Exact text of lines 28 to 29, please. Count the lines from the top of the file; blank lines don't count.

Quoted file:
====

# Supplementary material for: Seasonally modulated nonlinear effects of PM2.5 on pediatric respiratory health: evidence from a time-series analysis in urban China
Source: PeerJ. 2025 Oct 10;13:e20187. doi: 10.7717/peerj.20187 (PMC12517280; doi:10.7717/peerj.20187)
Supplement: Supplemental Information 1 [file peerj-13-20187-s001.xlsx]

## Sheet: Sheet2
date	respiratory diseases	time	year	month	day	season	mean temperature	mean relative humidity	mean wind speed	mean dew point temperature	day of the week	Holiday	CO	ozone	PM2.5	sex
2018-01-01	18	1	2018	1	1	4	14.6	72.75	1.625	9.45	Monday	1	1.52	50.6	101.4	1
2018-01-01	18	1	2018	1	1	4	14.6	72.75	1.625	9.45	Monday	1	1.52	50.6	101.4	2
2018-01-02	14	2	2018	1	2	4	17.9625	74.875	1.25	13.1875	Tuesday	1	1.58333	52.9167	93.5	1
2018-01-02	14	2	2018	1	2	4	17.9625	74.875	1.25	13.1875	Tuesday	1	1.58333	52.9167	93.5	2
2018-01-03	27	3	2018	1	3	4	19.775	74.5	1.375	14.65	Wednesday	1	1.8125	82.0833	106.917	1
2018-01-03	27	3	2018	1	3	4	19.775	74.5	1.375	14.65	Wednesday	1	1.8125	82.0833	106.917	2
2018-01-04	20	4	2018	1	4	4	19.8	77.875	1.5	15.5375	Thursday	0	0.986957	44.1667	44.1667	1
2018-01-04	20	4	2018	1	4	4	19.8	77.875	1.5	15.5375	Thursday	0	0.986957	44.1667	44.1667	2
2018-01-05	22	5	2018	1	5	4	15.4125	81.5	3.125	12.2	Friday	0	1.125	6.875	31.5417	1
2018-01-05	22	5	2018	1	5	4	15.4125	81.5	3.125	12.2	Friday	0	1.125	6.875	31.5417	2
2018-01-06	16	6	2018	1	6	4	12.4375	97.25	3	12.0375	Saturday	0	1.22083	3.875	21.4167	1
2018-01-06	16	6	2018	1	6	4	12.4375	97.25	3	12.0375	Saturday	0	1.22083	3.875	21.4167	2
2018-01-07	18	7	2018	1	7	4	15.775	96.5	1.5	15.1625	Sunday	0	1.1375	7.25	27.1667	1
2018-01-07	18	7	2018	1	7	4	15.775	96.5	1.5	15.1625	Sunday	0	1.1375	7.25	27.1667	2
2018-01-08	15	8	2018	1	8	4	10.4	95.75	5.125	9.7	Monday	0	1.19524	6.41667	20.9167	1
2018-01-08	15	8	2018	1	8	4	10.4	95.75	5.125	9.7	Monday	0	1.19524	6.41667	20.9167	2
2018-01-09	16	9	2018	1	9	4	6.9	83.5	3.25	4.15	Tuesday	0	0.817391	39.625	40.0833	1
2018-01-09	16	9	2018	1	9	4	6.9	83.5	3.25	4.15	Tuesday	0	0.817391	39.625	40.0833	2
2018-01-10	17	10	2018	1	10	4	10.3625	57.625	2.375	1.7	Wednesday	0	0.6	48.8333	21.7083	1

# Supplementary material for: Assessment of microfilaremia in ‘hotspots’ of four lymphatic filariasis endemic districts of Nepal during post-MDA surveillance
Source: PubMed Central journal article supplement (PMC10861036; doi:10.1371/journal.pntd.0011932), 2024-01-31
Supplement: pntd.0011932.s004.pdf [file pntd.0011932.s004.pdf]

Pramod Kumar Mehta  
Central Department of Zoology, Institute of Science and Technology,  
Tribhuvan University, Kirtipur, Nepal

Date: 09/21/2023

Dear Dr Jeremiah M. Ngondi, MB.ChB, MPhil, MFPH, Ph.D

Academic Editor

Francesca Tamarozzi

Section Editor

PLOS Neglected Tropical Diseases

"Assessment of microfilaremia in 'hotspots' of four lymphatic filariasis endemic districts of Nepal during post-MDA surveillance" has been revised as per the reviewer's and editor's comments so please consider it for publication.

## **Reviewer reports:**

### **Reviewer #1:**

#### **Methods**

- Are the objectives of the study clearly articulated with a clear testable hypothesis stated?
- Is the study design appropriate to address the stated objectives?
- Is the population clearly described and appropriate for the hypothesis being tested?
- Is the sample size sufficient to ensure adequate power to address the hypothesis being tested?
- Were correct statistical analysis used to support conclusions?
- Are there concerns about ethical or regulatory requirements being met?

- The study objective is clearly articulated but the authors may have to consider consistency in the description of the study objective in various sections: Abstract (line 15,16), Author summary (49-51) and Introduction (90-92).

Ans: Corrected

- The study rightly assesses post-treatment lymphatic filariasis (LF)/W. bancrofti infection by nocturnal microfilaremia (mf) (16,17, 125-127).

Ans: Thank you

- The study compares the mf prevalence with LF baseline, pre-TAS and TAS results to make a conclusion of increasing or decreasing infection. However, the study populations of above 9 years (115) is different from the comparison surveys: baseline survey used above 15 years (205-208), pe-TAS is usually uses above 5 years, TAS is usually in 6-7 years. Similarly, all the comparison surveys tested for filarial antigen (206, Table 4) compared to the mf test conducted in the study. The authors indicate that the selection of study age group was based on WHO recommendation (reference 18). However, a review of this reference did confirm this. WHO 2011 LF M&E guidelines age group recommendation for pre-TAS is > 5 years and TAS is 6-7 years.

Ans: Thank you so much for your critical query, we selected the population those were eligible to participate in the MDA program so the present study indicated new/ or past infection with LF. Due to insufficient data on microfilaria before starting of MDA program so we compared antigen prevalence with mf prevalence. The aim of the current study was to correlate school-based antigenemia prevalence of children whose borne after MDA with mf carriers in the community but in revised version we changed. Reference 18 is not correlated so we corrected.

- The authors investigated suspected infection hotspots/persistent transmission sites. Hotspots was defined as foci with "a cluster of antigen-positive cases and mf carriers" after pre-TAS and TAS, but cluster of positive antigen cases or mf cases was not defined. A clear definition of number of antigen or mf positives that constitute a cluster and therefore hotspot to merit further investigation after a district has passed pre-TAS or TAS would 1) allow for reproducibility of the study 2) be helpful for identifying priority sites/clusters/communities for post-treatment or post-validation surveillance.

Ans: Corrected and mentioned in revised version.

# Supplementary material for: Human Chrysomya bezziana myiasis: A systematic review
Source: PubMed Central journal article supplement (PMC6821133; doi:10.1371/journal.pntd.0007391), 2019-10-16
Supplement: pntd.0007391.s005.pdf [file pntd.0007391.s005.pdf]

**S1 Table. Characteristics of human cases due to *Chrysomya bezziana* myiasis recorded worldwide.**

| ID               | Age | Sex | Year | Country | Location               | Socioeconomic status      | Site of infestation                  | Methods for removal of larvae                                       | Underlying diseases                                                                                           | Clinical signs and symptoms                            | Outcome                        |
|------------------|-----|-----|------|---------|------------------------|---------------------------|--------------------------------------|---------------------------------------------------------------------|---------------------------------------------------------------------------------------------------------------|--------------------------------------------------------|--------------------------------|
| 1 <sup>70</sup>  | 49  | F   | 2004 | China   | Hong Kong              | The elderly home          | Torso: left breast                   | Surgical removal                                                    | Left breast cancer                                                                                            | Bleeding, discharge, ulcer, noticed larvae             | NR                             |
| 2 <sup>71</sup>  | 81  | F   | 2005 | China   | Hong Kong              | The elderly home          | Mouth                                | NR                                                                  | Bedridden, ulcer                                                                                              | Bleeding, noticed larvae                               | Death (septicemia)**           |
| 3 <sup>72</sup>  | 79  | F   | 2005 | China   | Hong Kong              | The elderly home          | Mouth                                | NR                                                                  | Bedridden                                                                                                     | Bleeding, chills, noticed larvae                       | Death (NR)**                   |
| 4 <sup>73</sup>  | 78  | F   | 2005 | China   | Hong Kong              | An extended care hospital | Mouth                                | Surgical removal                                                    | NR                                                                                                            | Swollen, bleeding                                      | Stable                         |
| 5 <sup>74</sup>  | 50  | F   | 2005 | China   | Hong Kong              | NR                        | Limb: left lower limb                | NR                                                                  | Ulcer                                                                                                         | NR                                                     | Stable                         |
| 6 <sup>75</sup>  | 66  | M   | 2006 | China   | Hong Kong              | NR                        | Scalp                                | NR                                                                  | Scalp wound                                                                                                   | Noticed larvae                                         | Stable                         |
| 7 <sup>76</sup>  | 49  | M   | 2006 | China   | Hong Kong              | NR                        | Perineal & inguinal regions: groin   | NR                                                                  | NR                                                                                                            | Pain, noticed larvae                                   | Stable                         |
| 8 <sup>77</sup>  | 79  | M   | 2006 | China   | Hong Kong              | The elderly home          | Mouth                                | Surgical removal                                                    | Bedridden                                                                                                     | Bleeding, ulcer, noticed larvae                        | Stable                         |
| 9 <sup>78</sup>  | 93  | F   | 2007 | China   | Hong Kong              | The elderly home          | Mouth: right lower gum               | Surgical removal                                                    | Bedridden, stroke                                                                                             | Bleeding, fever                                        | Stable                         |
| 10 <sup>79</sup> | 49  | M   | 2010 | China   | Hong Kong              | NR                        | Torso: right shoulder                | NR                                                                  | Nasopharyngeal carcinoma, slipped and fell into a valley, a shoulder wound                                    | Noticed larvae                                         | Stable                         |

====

Pramod Kumar Mehta  
Central Department of Zoology, Institute of Science and Technology,  